This Daycare In China Is Home To A Group Of Pandas, And It's The Cutest Place In The World

Everybody loves a daycare. What's more fun than watching little babies play, nap, giggle and learn from each other? Get ready to have an extra dose of job jealousy for the workers at the Chengdu Research Base in Sichuan, China.

This "daycare" is a nursery and breeding center for these adorable little panda cubs to ensure they grow up as healthy as can be.

Hopefully as these cuties grow up together, some puppy love will spark among some of the pandas -- researchers are hoping that they'll breed together. 

The panda population is dwindling rapidly and may be as low as 1,864.

Female pandas are only able to breed 2-3 days out of the year and produce a cub every two years so babies are a precious resource.

The baby pandas would be highly vulnerable out in the wild.

 Adult pandas require a lot of bamboo and many predators are wily enough to wait to prey on the cubs when the mother is out feeding.


As adults, pandas have very few natural predators.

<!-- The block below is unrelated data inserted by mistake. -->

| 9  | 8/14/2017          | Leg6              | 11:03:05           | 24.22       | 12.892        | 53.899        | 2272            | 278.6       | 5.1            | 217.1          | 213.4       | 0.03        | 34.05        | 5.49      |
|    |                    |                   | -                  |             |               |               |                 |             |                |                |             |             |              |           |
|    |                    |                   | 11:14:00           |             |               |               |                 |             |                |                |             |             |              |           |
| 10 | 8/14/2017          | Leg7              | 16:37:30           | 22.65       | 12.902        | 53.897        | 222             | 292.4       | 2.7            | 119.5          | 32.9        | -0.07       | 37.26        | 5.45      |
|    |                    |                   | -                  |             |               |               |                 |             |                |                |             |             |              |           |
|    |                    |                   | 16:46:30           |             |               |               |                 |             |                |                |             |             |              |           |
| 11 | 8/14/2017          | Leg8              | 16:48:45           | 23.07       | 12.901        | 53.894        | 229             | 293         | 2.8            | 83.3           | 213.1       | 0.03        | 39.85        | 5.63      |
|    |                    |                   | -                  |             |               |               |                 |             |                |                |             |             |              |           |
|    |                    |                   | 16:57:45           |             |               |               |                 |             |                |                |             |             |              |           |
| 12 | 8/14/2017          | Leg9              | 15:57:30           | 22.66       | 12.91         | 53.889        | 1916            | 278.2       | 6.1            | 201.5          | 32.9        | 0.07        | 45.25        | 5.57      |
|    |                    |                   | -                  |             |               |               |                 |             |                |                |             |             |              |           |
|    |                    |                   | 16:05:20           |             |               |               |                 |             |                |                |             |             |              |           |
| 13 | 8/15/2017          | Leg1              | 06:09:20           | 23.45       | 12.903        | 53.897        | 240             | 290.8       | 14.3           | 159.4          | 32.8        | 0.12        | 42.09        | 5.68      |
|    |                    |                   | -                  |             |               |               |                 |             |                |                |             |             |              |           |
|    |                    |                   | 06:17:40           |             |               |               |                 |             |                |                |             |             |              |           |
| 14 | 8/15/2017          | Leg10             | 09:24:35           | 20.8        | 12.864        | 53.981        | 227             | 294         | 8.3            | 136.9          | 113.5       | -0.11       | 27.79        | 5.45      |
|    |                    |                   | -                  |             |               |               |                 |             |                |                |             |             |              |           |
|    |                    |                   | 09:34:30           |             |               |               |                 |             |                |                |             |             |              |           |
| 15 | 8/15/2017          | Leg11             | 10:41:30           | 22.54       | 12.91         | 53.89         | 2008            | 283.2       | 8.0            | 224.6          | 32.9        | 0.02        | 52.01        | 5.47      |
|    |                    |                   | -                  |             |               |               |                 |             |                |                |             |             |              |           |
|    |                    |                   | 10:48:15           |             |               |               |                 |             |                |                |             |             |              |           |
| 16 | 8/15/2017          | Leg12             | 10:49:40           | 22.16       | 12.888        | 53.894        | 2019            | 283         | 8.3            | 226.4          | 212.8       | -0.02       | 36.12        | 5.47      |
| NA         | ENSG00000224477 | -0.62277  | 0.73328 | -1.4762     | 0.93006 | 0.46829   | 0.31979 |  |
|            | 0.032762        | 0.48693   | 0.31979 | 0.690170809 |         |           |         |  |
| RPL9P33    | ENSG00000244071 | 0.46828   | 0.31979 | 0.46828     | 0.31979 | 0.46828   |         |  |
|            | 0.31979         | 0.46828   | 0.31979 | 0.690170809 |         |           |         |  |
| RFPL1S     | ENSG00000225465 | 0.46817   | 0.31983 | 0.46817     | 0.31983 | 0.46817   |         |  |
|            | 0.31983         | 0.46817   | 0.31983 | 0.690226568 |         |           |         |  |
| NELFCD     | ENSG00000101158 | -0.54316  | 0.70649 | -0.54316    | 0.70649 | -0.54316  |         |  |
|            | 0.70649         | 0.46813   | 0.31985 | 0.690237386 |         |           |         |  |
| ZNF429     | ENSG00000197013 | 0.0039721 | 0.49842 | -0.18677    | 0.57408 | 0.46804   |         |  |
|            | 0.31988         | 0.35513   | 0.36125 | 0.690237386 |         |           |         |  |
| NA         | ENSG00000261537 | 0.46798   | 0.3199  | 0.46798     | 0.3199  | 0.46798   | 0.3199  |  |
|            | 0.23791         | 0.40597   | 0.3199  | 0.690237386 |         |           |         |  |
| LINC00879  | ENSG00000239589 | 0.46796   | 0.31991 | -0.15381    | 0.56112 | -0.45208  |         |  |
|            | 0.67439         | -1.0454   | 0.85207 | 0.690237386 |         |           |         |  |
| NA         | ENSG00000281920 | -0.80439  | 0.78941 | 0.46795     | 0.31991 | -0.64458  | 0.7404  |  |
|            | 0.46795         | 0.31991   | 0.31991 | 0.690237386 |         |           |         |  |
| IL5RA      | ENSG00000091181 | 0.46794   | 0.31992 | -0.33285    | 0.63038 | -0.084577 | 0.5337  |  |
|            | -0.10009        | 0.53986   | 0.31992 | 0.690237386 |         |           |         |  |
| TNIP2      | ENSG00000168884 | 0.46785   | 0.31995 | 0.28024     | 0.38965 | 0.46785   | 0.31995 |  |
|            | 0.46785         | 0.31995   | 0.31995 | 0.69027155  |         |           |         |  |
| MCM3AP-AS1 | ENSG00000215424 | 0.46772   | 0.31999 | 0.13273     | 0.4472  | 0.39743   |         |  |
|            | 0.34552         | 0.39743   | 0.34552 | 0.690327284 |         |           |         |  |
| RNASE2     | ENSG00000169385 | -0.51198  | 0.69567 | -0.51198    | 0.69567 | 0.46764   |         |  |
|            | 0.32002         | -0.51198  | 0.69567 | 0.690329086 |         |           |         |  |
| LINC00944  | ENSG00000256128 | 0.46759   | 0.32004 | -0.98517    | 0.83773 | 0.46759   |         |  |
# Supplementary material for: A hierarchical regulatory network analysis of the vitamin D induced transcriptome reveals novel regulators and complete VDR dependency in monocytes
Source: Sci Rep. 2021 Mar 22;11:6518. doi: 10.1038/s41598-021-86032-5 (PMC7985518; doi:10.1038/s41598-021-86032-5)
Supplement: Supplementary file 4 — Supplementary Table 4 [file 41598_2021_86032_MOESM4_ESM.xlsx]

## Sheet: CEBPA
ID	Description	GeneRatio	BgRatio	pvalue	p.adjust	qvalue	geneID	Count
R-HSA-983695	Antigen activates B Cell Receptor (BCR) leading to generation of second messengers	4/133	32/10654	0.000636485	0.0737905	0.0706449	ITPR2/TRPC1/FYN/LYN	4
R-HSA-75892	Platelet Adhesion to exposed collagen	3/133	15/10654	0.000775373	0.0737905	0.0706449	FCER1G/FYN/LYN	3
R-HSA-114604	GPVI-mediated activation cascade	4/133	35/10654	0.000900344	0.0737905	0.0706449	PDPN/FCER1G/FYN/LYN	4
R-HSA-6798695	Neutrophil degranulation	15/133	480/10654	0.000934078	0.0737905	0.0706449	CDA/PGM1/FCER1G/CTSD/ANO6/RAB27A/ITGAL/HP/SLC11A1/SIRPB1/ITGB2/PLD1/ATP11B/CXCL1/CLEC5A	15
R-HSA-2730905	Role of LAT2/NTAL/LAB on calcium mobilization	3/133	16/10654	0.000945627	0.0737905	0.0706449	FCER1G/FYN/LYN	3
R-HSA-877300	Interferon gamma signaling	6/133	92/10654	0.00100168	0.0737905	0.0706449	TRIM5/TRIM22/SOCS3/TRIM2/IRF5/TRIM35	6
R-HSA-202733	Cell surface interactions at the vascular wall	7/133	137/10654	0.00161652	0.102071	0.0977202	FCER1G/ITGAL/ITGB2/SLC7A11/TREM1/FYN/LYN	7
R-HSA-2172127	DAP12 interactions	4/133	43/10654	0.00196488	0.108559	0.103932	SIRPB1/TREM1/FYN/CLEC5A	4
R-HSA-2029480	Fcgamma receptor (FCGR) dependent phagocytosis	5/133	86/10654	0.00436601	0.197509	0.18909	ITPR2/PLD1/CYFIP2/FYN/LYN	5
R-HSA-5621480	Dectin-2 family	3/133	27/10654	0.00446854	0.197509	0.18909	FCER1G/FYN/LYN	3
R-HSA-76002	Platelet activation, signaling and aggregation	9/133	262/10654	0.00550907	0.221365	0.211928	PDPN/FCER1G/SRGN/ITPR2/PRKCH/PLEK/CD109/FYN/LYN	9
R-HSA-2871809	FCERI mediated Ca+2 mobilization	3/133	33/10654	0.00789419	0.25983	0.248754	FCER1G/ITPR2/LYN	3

It is believed that the lifespan of a panda out in the wild would be upward of 25 years.

Humans are by far the greatest threat to the survival of pandas.

Poachers, musk deer trappers, tourists and land developers all present threats to the survival of the panda species.

But here at Chengdu, a little panda can thrive.

The research base was founded in 1987 to house pandas and other endangered animals.

Chegndu began with six giant pandas that had been captured from the wild and removed from threatening situations.


By 2008, those 6 pandas had produced 124 offspring.

Today, Chengdu's panda population is 83, one of the largest in the world.

Many organizations and zoos work with Chengdu to help preserve this amazing animal.

From the US, Zoo Atlanta lent Chengdu two giant pandas, Yang Yan and Lun Lun.

The Atlanta pandas found panda mates and produced five panda cubs in total.

The Chengdu Research Base is open to the public. You can check it out and learn more about their baby panda daycare program here.

Via: Bored Panda

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